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decided: September 1, 1982.


Appeal from the Order of the Court of Common Pleas of Monroe County in cases of Township of Paradise v. Mt. Airy Lodge, Inc., 788 June Term, 1979, and Mt. Airy Lodge, Inc. v. Zoning Hearing Board of Paradise Township and Township of Paradise, No. 2525 of 1980.


Robert S. Bennett, Jr., Trevaskis, Calhoun, Slama & Bennett, for appellant.

Richard E. Deetz, with him George Royal IV, for appellee.

President Judge Crumlish and Judges Rogers, Blatt, Craig and MacPhail. Opinion by Judge Craig.

Author: Craig

[ 68 Pa. Commw. Page 550]

Pursuing its challenge that zoning is exclusionary, Mt. Airy Lodge appeals an order of the Court of Common Pleas of Monroe County, which affirmed the decision of the Zoning Hearing Board of Paradise Township denying Mt. Airy's appeal*fn1 from a cease-and-desist order, issued under the township's zoning ordinance, that Mt. Airy cease excavation of shale from its property,*fn2 and which also enjoined Mt. Airy from such shale excavation.

In particular, Mr. Airy asserts that the township's zoning ordinance, which does not provide for an industrial zone, is exclusionary because it expressly prohibits commercial shale excavation under Section 3.5.5, which provides:

Section 3.5 Prohibited Uses in all Districts

The following uses are expressly prohibited in any Zoning District:

[ 68 Pa. Commw. Page 5513]

.5.5 Sandpits, gravel pits, peat bogs, and the extraction or removal of any natural resource from the land for the express purpose of commercial gain or profit. The excavation, extraction or removal of any natural resources from the land for any purpose other than for commercial gain or profit may be permitted for a temporary period upon the issuance of a special permit by the Township Supervisors.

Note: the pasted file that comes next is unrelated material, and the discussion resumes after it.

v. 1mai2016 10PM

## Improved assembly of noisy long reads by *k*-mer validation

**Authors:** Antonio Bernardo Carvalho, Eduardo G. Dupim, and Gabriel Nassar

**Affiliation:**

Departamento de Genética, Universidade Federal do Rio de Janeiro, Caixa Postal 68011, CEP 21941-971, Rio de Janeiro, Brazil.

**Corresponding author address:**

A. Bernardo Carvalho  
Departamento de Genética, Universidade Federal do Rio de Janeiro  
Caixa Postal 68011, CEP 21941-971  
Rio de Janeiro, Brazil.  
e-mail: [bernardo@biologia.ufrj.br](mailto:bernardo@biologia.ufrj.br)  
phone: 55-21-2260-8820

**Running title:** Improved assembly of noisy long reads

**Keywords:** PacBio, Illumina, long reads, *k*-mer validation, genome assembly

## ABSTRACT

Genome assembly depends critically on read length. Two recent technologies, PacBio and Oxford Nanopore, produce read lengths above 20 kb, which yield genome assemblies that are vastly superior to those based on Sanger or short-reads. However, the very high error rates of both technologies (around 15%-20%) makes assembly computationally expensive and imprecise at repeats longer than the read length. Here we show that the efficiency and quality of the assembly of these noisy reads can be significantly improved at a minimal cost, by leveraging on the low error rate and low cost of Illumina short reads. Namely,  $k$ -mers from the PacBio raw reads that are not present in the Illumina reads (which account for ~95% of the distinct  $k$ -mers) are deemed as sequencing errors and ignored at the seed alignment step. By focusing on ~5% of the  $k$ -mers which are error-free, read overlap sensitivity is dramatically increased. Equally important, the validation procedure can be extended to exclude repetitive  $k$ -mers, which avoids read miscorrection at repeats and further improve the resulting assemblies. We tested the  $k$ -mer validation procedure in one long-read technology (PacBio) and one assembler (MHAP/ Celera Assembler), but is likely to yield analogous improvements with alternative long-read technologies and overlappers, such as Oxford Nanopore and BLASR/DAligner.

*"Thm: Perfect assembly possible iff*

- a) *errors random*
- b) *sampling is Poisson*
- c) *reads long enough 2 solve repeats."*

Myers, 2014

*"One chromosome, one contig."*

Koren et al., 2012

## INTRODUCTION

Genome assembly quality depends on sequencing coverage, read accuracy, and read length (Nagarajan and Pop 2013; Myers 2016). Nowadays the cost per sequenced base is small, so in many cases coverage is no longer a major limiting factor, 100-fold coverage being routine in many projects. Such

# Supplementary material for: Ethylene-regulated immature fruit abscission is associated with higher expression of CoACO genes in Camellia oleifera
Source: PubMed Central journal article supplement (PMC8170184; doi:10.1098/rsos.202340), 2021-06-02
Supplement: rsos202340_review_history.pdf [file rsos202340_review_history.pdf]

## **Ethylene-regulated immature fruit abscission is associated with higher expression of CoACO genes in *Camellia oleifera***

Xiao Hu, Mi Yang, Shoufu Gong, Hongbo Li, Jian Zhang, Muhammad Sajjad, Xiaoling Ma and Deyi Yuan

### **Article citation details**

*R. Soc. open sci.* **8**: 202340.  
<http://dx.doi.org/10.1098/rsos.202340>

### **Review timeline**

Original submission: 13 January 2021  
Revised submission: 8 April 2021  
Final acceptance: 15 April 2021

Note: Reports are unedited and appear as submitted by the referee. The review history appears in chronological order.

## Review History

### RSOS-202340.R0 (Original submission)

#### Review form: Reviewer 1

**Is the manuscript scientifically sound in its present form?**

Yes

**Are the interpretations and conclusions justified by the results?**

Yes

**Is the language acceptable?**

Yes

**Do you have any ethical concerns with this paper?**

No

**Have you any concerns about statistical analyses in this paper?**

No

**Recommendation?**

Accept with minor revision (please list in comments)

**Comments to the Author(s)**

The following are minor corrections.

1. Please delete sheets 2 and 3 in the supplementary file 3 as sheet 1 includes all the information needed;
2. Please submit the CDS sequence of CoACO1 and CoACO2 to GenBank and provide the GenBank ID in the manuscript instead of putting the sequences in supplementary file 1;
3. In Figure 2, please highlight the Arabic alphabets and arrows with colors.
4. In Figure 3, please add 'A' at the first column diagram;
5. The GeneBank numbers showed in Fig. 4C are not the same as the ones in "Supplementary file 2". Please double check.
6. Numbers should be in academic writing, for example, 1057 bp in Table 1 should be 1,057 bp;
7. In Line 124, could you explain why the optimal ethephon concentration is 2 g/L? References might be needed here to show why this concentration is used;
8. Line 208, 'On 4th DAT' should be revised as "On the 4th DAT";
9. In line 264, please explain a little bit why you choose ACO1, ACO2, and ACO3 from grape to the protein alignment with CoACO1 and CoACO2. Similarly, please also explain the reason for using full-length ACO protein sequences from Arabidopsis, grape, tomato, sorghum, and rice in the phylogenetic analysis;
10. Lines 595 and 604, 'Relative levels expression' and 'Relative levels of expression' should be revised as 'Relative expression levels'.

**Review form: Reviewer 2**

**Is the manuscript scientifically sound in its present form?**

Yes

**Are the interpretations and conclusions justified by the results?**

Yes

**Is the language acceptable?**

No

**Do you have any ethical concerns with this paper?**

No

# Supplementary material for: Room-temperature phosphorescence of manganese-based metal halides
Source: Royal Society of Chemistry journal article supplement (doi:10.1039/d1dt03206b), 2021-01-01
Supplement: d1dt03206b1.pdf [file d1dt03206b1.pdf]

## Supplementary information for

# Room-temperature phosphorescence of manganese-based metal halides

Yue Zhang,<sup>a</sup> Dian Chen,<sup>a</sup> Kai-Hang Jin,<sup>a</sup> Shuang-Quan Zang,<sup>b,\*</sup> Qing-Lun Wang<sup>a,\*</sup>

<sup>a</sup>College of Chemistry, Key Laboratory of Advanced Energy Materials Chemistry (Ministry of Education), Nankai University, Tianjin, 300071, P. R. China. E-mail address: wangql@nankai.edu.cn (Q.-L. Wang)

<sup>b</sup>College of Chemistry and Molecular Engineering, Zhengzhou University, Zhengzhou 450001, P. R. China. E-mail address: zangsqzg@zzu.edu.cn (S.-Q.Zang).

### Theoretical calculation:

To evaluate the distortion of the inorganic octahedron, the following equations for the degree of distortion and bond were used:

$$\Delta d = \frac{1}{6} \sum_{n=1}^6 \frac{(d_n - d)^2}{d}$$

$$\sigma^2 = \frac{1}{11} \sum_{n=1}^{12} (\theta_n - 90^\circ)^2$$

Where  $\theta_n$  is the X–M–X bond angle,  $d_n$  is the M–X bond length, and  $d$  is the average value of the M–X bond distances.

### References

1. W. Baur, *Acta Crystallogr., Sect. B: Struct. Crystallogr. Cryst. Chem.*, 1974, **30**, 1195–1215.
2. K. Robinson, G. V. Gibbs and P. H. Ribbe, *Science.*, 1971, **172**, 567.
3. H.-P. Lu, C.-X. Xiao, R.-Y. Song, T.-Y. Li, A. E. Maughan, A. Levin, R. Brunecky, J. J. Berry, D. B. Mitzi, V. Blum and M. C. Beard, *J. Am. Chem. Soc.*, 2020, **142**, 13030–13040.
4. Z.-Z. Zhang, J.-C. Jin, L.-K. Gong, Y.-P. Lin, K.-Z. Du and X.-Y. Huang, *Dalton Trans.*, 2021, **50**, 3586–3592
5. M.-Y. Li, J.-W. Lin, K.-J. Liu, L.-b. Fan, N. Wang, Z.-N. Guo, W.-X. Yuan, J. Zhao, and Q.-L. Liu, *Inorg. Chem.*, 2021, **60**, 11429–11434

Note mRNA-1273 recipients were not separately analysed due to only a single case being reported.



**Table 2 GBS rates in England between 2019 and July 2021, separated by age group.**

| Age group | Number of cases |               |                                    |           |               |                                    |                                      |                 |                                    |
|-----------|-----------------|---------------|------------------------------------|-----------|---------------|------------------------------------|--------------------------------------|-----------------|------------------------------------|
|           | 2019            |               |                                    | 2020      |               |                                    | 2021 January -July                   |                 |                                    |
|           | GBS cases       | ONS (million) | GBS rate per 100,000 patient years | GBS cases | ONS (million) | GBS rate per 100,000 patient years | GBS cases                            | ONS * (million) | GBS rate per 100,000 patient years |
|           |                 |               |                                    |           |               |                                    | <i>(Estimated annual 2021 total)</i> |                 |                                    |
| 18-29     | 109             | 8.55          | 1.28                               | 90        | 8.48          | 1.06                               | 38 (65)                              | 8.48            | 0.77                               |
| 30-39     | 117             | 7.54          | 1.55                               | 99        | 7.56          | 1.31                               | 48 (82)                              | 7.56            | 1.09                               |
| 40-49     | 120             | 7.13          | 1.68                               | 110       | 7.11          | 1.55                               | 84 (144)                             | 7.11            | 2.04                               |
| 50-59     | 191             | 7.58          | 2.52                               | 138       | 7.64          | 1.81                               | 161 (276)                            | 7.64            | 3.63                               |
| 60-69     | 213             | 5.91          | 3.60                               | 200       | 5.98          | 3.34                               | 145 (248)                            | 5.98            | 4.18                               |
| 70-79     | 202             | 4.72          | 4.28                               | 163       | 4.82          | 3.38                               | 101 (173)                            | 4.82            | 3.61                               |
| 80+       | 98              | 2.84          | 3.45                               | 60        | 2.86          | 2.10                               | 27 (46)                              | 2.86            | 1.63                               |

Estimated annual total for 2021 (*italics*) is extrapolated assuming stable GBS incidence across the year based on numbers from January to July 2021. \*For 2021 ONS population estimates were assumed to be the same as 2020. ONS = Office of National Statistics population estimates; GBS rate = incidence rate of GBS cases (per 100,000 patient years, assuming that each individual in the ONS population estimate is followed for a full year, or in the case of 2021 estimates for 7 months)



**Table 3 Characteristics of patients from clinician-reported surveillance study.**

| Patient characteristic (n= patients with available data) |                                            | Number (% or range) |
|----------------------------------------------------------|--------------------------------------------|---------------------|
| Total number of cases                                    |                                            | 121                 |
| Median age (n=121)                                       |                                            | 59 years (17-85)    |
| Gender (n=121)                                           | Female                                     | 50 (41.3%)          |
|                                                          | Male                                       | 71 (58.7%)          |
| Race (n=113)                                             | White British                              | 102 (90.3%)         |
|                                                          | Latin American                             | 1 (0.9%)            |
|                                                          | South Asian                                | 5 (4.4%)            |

The township has sought to justify that explicit total exclusion by pointing to two quarries within the township now operating as nonconforming uses,*fn3 and arguing that the prohibition, in the context of those nonconforming uses, bears a substantial relationship to the township's public health, safety, morals and general welfare, including the preservation of the rural-recreational environment that forms the basis of the township's tourist industry.*fn4

Of course, where, as here, the common pleas court took no additional evidence,*fn5 our scope of review is limited to determining whether the zoning board committed a manifest abuse of discretion or an error of law. General Battery Corp. v. Alsace Township, 29 Pa. Commonwealth Ct. 498, 371 A.2d 1030 (1977). The question confronting us is whether the board committed an error of law by upholding the validity

[ 68 Pa. Commw. Page 552]

    of the township's zoning ordinance. We hold that error was committed.

In exclusionary zoning cases generally, the analytical approach involves determining:

1. Does the ordinance expressly exclude the use entirely from the municipality, or, if it allows the use to some extent, is it nevertheless exclusionary because it allows less than a "fair share?"

2. Is the exclusion prima facie valid because the use is objectionable by nature?

3. If the use is not an objectionable type, has the municipality initially shown justification for the exclusion?

1. Exclusionary Effect

This township's ordinance flatly excludes all extraction and therefore is exclusionary as to the requested shale removal use.

Although the township has used the phrase "fair share," that standard, enunciated in Township of Willistown v. Chesterdale Farms, Inc., 462 Pa. 445, 341 A.2d 466 (1975), is involved only where a partial exclusion amounts to mere tokenism; as stated in Surrick v. Zoning Hearing Board of Upper Providence Township, 476 Pa. 182, 194, 382 A.2d 105, 111 (1977), "[w]here the amount of land zoned as being available [for the use] is disproportionately small . . ., the ordinance will be held to be exclusionary."

With the present exclusion being total, we do not talk about "fair share." Therefore, the discussion of the effect of nonconforming uses in Ryan, Pennsylvania Zoning Law and Practice, ยง 3.5.5 (Rev. ed. 1979), cited by the township, is inapplicable; we consider below the existence of nonconforming uses as a factual element in deciding if the exclusion is justified.

[ 68 Pa. Commw. Page 5532]

. Nature of the Excluded Use as Objectionable or Not

In Beaver Gasoline Co. v. Osborne Borough, 445 Pa. 571, 285 A.2d 501 (1971), the court set forth certain attributes which would characterize a land use as so undesirable that a total prohibition would be prima facie justified, saying: